Respondents reported demographic, cancer-related, and healthcare-related variables. Demographic variables included age, sex, race, educational level, residential area, and country of residence. Cancer-related variables included type of cancer, type of treatment (s) received, and age at cancer diagnosis. Healthcare-related variables included type of physician managing care, whether the respondent has been offered survivorship care, distance to and setting of the respondent’s cancer treatment center, and length and frequency of relationship with their primary care physician. Respondents also rated communication between their PCP and oncologist and trust that their PCP works toward the respondent’s best interests as a patient. Trust in PCP was rated on a numerical scale from 1 to 10 with 10 indicating highest trust. Because this variable was not normally distributed, we dichotomized at the median value as high vs. low trust.

Statistical analysis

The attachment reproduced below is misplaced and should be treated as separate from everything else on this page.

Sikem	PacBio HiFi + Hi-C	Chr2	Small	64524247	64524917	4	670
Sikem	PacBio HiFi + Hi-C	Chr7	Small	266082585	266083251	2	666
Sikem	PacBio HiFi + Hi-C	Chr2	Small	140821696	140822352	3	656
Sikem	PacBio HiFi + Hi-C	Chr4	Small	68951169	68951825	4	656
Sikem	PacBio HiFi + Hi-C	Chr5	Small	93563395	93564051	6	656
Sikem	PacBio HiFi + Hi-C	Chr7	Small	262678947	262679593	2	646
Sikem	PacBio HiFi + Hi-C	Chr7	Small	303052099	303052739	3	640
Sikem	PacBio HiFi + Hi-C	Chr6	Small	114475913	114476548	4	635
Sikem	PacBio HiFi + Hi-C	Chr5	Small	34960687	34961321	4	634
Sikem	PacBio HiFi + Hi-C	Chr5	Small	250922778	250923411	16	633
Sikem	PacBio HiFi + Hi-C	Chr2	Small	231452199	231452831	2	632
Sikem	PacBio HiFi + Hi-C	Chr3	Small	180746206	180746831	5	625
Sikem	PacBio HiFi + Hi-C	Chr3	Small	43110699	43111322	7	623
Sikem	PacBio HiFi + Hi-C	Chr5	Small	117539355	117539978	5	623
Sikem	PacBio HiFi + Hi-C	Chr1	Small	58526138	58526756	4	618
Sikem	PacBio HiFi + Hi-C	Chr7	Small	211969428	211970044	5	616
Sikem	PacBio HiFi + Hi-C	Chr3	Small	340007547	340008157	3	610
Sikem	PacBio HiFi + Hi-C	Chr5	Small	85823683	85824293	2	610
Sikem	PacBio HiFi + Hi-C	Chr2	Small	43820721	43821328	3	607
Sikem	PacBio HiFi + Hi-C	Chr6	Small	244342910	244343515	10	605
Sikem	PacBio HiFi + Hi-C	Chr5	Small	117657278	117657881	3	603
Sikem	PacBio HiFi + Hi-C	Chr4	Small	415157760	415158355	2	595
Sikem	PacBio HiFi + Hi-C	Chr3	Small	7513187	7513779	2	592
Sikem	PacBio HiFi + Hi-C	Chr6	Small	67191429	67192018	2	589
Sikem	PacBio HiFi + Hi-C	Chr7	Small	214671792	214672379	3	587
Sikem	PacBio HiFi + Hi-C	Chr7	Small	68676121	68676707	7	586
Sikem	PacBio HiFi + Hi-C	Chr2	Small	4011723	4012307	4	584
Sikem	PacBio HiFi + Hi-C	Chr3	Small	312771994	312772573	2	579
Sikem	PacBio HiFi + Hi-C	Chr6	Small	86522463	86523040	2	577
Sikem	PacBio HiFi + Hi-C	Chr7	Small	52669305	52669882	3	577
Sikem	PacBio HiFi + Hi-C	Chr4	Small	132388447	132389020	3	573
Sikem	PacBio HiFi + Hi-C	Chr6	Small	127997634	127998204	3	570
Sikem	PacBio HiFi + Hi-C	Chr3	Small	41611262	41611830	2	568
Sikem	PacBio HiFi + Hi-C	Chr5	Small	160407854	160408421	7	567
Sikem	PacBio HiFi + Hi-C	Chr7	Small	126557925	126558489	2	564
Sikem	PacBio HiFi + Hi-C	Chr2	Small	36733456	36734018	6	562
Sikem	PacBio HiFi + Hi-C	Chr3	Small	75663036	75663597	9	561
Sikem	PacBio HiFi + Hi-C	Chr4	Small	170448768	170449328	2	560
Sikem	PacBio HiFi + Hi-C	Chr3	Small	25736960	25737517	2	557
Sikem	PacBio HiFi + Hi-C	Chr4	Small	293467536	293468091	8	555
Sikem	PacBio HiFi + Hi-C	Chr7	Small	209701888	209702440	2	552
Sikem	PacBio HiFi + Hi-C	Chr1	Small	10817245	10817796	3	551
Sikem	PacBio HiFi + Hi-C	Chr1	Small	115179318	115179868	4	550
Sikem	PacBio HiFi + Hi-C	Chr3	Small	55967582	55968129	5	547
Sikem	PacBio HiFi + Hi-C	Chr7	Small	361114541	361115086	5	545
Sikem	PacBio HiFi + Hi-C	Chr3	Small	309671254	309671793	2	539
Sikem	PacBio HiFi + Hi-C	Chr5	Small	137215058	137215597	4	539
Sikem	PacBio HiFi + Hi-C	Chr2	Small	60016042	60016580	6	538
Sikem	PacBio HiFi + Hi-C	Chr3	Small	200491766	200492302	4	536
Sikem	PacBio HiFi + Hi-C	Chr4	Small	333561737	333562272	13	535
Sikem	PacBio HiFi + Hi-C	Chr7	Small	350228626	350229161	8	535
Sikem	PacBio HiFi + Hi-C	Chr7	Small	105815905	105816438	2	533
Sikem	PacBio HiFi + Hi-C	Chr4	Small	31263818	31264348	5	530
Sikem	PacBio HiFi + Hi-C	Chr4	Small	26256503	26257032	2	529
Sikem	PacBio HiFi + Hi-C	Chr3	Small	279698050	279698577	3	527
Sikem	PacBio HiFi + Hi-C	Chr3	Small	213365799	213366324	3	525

Statistical analysis was performed using STATA 12.0 for Windows (STATA Corp, College Station, TX). Bivariate regression analysis was used to select patient characteristics associated with the outcome variable, PCDSCS. Variables that showed a strong association (p < 0.1) were then used to generate a multivariate regression model to further characterize patient variables associated with perceived survivorship care delivery by PCPs. All analyses were two-sided with p < 0.05 indicating statistical significance. Chi-square analyses of individual PCDSCS statement endorsement were performed to determine which aspects of PCP survivorship care delivery might explain significant differences observed between groups in multivariate regression. Respondents were considered to endorse a particular aspect of PCP survivorship care delivery if they answered “Agree” or “Strongly agree” in response to the corresponding item on the survey instrument.